What Does a Healthy Meal Look Like? MyPlate Guidelines
Author: Cornell Food and Brand Lab(i) : Contact: Brian Wansink - email@example.com - 607-229-3896
Published: 2013-12-29 : (Rev. 2019-05-19)
Synopsis and Key Points:
MyPlate was created in 2011 by the United States Department of Agriculture (USDA) to help American consumers put the Dietary Guidelines into practice.
Don't just tell your kids to eat their veggies - show them that you do too.
Mums were more likely to be familiar with MyPlate if they already knew about MyPyramid.
Food preferences, cooking ability, involvement of children in food preparation, nutritional knowledge, and prior familiarity with MyPyramid were predictors of MyPlate awareness and use.
Most Americans know about MyPyramid - the triangle depicting how many servings of each food group you should eat in a day - but who knows about MyPlate - the circle showing what a healthy meal looks like?
The current nutrition guide published by the United States Department of Agriculture, depicting a place setting with a plate and glass divided into five food groups. It replaced the USDA's MyPyramid guide. MyPlate is divided into sections of approximately 30 percent grains, 30 percent vegetables, 20 percent fruits and 20 percent protein, accompanied by a smaller circle representing dairy, such as a glass of low-fat/nonfat milk or a yogurt cup. MyPlate will be displayed on food packaging and used in nutrition education in the United States.
MyPlate was created in 2011 by the United States Department of Agriculture (USDA) to help American consumers put the Dietary Guidelines into practice. It's a simple, colorful icon that prompts us to think about what's on our plate, illustrating healthy proportions of fruit, vegetables, grains, protein, and dairy within a single meal.
Dr. Brian Wansink of Cornell University and Dr. Sibylle Kranz of Purdue University wanted to find out who "got the memo" about MyPlate first - that is, who became familiar with MyPlate within 3 months of its release. In particular, the researchers were interested in mothers, who play the role of "nutritional gatekeeper" in most families, and what traits these trend-setting mothers had in common with each other. A national on-line survey was completed by 497 moms, ranging in age from 18 to 65, including questions about their demographics, knowledge, attitudes, and behavior.
MyPlate - Consumer Messages
MyPlate Symbol Photo Credit - U. S. Department of Agriculture.
- 497 moms, 46 moms were familiar with MyPlate (9% of those surveyed)
- 105 were somewhat familiar (21%),
- 349 were not familiar (70%).
Some Interesting Patterns Emerged
- First, moms were more likely to be familiar with MyPlate if they already knew about MyPyramid.
- Second, moms who found MyPlate easy to understand and relevant to their lives were more likely to see its potential to help their families eat better.
- Third, moms who adopted MyPlate were more likely to be "vegetable lovers" and to involve their kids in preparing family meals. Moms loved veggies for a variety of reasons - not only because they are good for you, but also because they can improve the taste of the entrees they're served with and make meals feel like special family occasions.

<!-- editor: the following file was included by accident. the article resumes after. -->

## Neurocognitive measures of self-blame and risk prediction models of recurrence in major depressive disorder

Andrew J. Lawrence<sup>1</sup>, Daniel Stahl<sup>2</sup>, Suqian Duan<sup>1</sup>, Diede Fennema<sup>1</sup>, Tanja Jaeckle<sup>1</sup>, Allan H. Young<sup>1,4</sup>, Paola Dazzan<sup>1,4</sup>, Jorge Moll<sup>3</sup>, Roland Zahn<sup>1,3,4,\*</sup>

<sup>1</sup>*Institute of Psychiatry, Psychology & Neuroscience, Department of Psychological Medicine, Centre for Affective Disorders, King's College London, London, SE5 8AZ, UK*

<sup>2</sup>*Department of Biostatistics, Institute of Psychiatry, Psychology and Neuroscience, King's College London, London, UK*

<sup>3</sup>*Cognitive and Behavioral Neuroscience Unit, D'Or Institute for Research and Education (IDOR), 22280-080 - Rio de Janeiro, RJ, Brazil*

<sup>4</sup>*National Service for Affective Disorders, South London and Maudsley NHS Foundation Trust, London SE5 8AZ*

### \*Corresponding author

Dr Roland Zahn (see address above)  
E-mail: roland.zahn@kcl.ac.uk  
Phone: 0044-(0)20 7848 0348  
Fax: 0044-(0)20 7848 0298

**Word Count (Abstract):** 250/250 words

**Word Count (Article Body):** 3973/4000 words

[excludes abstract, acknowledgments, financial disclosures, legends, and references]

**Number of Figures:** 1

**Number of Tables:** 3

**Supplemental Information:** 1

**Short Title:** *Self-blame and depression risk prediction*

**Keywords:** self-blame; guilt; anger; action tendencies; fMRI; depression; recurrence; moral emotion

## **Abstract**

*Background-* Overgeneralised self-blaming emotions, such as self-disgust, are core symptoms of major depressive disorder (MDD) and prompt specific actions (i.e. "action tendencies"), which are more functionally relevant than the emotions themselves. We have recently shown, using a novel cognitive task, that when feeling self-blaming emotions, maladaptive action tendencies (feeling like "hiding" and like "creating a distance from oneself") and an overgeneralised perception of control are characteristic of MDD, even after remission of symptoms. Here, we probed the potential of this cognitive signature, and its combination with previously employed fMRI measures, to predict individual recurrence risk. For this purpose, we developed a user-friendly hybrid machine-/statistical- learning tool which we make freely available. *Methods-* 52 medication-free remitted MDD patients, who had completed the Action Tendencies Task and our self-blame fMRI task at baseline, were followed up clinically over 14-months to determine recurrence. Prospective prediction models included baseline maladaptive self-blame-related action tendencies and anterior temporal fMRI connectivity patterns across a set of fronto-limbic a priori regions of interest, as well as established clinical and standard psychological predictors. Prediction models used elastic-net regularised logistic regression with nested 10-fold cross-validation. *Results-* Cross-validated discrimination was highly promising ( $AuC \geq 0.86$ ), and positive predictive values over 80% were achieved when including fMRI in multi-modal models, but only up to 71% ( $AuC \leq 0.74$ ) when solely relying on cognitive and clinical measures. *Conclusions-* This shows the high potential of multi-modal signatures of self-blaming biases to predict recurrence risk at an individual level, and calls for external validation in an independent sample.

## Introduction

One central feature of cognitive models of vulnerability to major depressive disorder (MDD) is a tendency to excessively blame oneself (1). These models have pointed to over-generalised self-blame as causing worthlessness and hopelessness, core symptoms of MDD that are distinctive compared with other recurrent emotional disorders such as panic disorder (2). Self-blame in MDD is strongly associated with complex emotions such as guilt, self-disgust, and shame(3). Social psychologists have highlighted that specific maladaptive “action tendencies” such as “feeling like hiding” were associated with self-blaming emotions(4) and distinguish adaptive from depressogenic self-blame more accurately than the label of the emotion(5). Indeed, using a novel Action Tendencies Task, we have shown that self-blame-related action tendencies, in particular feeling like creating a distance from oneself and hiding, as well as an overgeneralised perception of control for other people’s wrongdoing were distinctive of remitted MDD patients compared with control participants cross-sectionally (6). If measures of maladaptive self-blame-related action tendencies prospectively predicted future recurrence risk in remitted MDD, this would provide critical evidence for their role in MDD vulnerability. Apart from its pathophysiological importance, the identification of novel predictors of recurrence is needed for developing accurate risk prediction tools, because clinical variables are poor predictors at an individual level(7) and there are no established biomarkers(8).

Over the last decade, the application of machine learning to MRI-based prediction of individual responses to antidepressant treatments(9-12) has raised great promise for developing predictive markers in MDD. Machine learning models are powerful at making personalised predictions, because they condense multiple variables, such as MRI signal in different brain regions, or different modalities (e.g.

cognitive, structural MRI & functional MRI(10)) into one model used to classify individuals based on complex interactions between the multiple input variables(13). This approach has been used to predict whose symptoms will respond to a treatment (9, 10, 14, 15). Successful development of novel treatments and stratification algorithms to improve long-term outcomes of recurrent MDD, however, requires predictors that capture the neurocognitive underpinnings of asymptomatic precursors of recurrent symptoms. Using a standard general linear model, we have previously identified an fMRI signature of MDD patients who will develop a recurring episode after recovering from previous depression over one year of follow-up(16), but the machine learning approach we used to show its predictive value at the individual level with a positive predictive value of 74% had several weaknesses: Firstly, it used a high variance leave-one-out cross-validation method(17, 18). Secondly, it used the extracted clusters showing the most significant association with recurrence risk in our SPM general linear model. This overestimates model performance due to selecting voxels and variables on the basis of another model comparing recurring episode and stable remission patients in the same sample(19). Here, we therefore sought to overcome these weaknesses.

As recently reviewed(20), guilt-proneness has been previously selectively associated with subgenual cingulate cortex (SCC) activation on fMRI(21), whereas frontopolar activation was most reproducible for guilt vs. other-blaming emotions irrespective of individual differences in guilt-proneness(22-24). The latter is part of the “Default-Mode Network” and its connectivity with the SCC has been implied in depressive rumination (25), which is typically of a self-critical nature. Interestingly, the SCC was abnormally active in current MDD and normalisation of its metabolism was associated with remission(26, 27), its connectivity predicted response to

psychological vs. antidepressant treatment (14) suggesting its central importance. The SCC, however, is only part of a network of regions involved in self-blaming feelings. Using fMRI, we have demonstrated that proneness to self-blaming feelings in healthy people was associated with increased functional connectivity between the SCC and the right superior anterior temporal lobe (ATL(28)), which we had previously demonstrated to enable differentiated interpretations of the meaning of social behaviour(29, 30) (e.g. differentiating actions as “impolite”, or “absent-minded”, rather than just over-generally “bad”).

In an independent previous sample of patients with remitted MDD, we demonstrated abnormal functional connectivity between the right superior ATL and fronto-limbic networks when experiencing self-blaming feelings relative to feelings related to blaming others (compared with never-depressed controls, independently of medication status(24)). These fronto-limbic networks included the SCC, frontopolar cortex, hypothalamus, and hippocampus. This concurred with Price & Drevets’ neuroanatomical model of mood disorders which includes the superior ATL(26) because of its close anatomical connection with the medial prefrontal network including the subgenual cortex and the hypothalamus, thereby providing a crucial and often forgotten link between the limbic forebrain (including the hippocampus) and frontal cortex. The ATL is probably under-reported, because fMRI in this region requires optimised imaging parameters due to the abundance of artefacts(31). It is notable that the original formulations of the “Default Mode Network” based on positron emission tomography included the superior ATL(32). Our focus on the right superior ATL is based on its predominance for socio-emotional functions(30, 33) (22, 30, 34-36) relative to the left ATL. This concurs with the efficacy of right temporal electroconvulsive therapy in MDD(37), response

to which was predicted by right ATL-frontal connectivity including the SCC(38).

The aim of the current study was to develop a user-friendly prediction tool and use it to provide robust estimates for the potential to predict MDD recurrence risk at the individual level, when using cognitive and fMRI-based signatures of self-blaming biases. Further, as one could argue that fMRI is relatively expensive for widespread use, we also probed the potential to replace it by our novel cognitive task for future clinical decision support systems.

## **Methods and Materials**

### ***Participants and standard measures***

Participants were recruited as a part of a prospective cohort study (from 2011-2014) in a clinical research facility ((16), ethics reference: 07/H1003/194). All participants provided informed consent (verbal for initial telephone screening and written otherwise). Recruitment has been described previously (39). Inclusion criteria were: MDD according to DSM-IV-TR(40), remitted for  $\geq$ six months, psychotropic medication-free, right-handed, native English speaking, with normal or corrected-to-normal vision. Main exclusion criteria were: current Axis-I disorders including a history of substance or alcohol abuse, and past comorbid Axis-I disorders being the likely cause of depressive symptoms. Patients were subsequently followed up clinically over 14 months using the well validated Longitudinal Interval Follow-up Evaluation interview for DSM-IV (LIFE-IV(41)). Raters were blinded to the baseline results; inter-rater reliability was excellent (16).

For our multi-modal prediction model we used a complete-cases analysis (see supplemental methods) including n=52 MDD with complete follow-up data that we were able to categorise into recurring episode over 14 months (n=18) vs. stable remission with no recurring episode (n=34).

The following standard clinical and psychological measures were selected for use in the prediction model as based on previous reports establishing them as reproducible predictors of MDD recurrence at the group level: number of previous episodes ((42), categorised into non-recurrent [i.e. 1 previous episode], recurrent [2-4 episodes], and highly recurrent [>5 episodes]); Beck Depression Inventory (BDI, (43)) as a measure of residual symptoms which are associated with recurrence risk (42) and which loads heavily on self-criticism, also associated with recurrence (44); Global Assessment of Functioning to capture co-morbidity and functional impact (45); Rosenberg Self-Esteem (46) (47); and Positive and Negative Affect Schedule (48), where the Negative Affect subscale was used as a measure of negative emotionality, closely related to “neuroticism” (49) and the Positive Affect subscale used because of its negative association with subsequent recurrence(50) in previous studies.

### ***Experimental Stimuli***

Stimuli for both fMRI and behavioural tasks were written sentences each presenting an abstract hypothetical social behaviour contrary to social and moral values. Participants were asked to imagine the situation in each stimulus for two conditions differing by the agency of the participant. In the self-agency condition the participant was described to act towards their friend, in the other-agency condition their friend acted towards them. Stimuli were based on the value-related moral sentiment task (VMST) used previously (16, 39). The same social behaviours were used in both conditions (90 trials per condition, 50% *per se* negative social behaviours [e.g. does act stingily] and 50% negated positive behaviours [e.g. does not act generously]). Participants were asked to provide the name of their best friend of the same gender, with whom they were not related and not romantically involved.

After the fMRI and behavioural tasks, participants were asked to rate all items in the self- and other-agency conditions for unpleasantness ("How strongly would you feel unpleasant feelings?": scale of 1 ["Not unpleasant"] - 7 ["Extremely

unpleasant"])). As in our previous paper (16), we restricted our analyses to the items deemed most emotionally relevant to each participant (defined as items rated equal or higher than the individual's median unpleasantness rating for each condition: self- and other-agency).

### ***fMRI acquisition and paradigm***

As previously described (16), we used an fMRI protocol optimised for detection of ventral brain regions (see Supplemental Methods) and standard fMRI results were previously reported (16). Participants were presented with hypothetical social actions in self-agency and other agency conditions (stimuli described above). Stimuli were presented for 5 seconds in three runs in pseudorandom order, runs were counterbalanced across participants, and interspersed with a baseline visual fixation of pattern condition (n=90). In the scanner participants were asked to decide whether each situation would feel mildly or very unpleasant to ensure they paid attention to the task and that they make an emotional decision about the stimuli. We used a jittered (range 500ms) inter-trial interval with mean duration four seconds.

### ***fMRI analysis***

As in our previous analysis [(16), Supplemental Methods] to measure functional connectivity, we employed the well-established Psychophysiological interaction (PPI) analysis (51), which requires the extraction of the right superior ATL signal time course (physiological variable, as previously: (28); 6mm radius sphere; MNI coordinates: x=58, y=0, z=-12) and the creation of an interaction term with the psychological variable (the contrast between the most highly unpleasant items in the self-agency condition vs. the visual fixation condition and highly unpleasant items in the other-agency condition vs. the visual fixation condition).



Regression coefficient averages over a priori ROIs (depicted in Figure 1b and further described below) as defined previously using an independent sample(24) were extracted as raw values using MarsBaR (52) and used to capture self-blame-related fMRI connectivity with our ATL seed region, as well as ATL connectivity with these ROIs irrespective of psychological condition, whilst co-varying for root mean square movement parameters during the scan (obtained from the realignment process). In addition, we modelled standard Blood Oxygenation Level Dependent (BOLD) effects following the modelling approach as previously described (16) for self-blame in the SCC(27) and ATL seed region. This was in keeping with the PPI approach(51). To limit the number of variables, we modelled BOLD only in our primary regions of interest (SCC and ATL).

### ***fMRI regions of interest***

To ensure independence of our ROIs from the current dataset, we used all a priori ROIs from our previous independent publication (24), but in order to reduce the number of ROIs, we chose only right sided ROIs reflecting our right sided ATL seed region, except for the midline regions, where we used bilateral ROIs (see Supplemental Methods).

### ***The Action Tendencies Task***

So, what can the rest of us learn from these trend-setting MyPlate moms?
Servings sizes - Photo Credit - U. S. Department of Agriculture.
- Involve kids in meal preparation. This doesn't just mean cooking - kids can also make grocery lists, clip coupons, and set and clear the table.
- Don't just tell your kids to eat their veggies - show them that you do too. Make it a family priority to try new vegetables or new recipes for familiar ones. Who knows, you may become a vegetable lover!
- Log onto to www.choosemyplate.gov Like the MyPlate icon, this website is colorful and user-friendly. It features practical tips for meal planning, grocery shopping, and preparing simple, tasty meals for a range of budgets and taste buds.
For Americans who eat out or on-the-go, there are strategies for keeping MyPlate in mind while navigating restaurant menus. Find out what the USDA can do for you and your family!
(i)Source/Reference: Cornell Food and Brand Lab. Disabled World makes no warranties or representations in connection therewith. Content may have been edited for style, clarity or length.
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- 2: Fruit, Vegetables, Grains and Nuts Help Lower Stroke Risk : American Heart Association (2014/10/31)
- 3: Health Consequences of Malnutrition : Thomas C. Weiss (2016/01/22)
- 4: Health Benefits of Beet Juice for Muscles : Penn State (2015/01/21)
- 5: Making a Healthier Homemade Pizza : Thomas C. Weiss (2015/01/20)
- 6: Diet Soda and Artificial Sweeteners Bad For Health : Thomas C. Weiss (2014/04/08)
- 7: Eggs and Cholesterol Good for You or Not? : Thomas C. Weiss (2016/01/12)
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